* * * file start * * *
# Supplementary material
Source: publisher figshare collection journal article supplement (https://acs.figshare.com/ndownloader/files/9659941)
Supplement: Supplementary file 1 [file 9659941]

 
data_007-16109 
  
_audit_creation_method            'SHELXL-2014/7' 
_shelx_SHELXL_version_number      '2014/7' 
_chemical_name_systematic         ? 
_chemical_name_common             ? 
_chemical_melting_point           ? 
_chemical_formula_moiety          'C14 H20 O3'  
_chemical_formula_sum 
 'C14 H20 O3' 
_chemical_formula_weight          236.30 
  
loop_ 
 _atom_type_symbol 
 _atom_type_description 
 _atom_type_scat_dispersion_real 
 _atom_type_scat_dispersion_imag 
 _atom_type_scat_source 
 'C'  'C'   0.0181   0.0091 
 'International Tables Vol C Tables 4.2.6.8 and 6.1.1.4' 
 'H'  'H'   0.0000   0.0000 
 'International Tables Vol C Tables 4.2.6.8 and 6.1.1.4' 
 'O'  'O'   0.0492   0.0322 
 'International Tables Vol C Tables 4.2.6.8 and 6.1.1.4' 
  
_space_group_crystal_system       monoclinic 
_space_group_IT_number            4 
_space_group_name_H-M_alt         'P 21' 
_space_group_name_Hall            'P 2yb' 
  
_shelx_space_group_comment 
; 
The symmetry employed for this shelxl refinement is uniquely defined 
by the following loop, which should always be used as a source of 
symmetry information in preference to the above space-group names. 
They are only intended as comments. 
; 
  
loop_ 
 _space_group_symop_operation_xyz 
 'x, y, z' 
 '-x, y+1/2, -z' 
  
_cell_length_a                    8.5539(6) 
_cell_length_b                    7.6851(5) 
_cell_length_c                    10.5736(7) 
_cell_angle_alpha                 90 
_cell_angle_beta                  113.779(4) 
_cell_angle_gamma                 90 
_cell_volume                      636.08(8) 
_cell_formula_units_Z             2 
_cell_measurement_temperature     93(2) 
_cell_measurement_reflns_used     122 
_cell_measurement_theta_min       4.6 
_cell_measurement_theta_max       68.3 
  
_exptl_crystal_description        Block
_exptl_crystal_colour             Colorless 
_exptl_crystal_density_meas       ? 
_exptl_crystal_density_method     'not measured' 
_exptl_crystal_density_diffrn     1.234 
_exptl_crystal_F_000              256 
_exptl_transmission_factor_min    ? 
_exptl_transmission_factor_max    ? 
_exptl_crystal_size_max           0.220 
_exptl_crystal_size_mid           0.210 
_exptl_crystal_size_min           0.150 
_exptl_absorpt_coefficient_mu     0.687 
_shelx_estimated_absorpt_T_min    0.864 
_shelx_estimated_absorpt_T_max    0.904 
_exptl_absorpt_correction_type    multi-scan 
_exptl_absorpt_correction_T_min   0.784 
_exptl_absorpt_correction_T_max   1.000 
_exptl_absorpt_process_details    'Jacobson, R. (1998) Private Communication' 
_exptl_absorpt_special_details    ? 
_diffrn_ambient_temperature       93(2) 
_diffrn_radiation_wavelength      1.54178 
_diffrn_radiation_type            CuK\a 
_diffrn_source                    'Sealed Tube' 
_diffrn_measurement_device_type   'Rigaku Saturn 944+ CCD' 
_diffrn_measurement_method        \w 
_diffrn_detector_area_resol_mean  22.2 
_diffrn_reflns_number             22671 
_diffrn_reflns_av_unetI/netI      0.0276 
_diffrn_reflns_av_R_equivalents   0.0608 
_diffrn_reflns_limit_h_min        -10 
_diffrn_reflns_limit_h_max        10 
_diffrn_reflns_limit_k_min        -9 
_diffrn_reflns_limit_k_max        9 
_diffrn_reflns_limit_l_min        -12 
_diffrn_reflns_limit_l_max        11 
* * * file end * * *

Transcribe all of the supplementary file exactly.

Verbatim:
# Supplementary material
Source: publisher figshare collection journal article supplement (https://acs.figshare.com/ndownloader/files/9659941)
Supplement: Supplementary file 1 [file 9659941]

 
data_007-16109 
  
_audit_creation_method            'SHELXL-2014/7' 
_shelx_SHELXL_version_number      '2014/7' 
_chemical_name_systematic         ? 
_chemical_name_common             ? 
_chemical_melting_point           ? 
_chemical_formula_moiety          'C14 H20 O3'  
_chemical_formula_sum 
 'C14 H20 O3' 
_chemical_formula_weight          236.30 
  
loop_ 
 _atom_type_symbol 
 _atom_type_description 
 _atom_type_scat_dispersion_real 
 _atom_type_scat_dispersion_imag 
 _atom_type_scat_source 
 'C'  'C'   0.0181   0.0091 
 'International Tables Vol C Tables 4.2.6.8 and 6.1.1.4' 
 'H'  'H'   0.0000   0.0000 
 'International Tables Vol C Tables 4.2.6.8 and 6.1.1.4' 
 'O'  'O'   0.0492   0.0322 
 'International Tables Vol C Tables 4.2.6.8 and 6.1.1.4' 
  
_space_group_crystal_system       monoclinic 
_space_group_IT_number            4 
_space_group_name_H-M_alt         'P 21' 
_space_group_name_Hall            'P 2yb' 
  
_shelx_space_group_comment 
; 
The symmetry employed for this shelxl refinement is uniquely defined 
by the following loop, which should always be used as a source of 
symmetry information in preference to the above space-group names. 
They are only intended as comments. 
; 
  
loop_ 
 _space_group_symop_operation_xyz 
 'x, y, z' 
 '-x, y+1/2, -z' 
  
_cell_length_a                    8.5539(6) 
_cell_length_b                    7.6851(5) 
_cell_length_c                    10.5736(7) 
_cell_angle_alpha                 90 
_cell_angle_beta                  113.779(4) 
_cell_angle_gamma                 90 
_cell_volume                      636.08(8) 
_cell_formula_units_Z             2 
_cell_measurement_temperature     93(2) 
_cell_measurement_reflns_used     122 
_cell_measurement_theta_min       4.6 
_cell_measurement_theta_max       68.3 
  
_exptl_crystal_description        Block
_exptl_crystal_colour             Colorless 
_exptl_crystal_density_meas       ? 
_exptl_crystal_density_method     'not measured' 
_exptl_crystal_density_diffrn     1.234 
_exptl_crystal_F_000              256 
_exptl_transmission_factor_min    ? 
_exptl_transmission_factor_max    ? 
_exptl_crystal_size_max           0.220 
_exptl_crystal_size_mid           0.210 
_exptl_crystal_size_min           0.150 
_exptl_absorpt_coefficient_mu     0.687 
_shelx_estimated_absorpt_T_min    0.864 
_shelx_estimated_absorpt_T_max    0.904 
_exptl_absorpt_correction_type    multi-scan 
_exptl_absorpt_correction_T_min   0.784 
_exptl_absorpt_correction_T_max   1.000 
_exptl_absorpt_process_details    'Jacobson, R. (1998) Private Communication' 
_exptl_absorpt_special_details    ? 
_diffrn_ambient_temperature       93(2) 
_diffrn_radiation_wavelength      1.54178 
_diffrn_radiation_type            CuK\a 
_diffrn_source                    'Sealed Tube' 
_diffrn_measurement_device_type   'Rigaku Saturn 944+ CCD' 
_diffrn_measurement_method        \w 
_diffrn_detector_area_resol_mean  22.2 
_diffrn_reflns_number             22671 
_diffrn_reflns_av_unetI/netI      0.0276 
_diffrn_reflns_av_R_equivalents   0.0608 
_diffrn_reflns_limit_h_min        -10 
_diffrn_reflns_limit_h_max        10 
_diffrn_reflns_limit_k_min        -9 
_diffrn_reflns_limit_k_max        9 
_diffrn_reflns_limit_l_min        -12 
_diffrn_reflns_limit_l_max        11 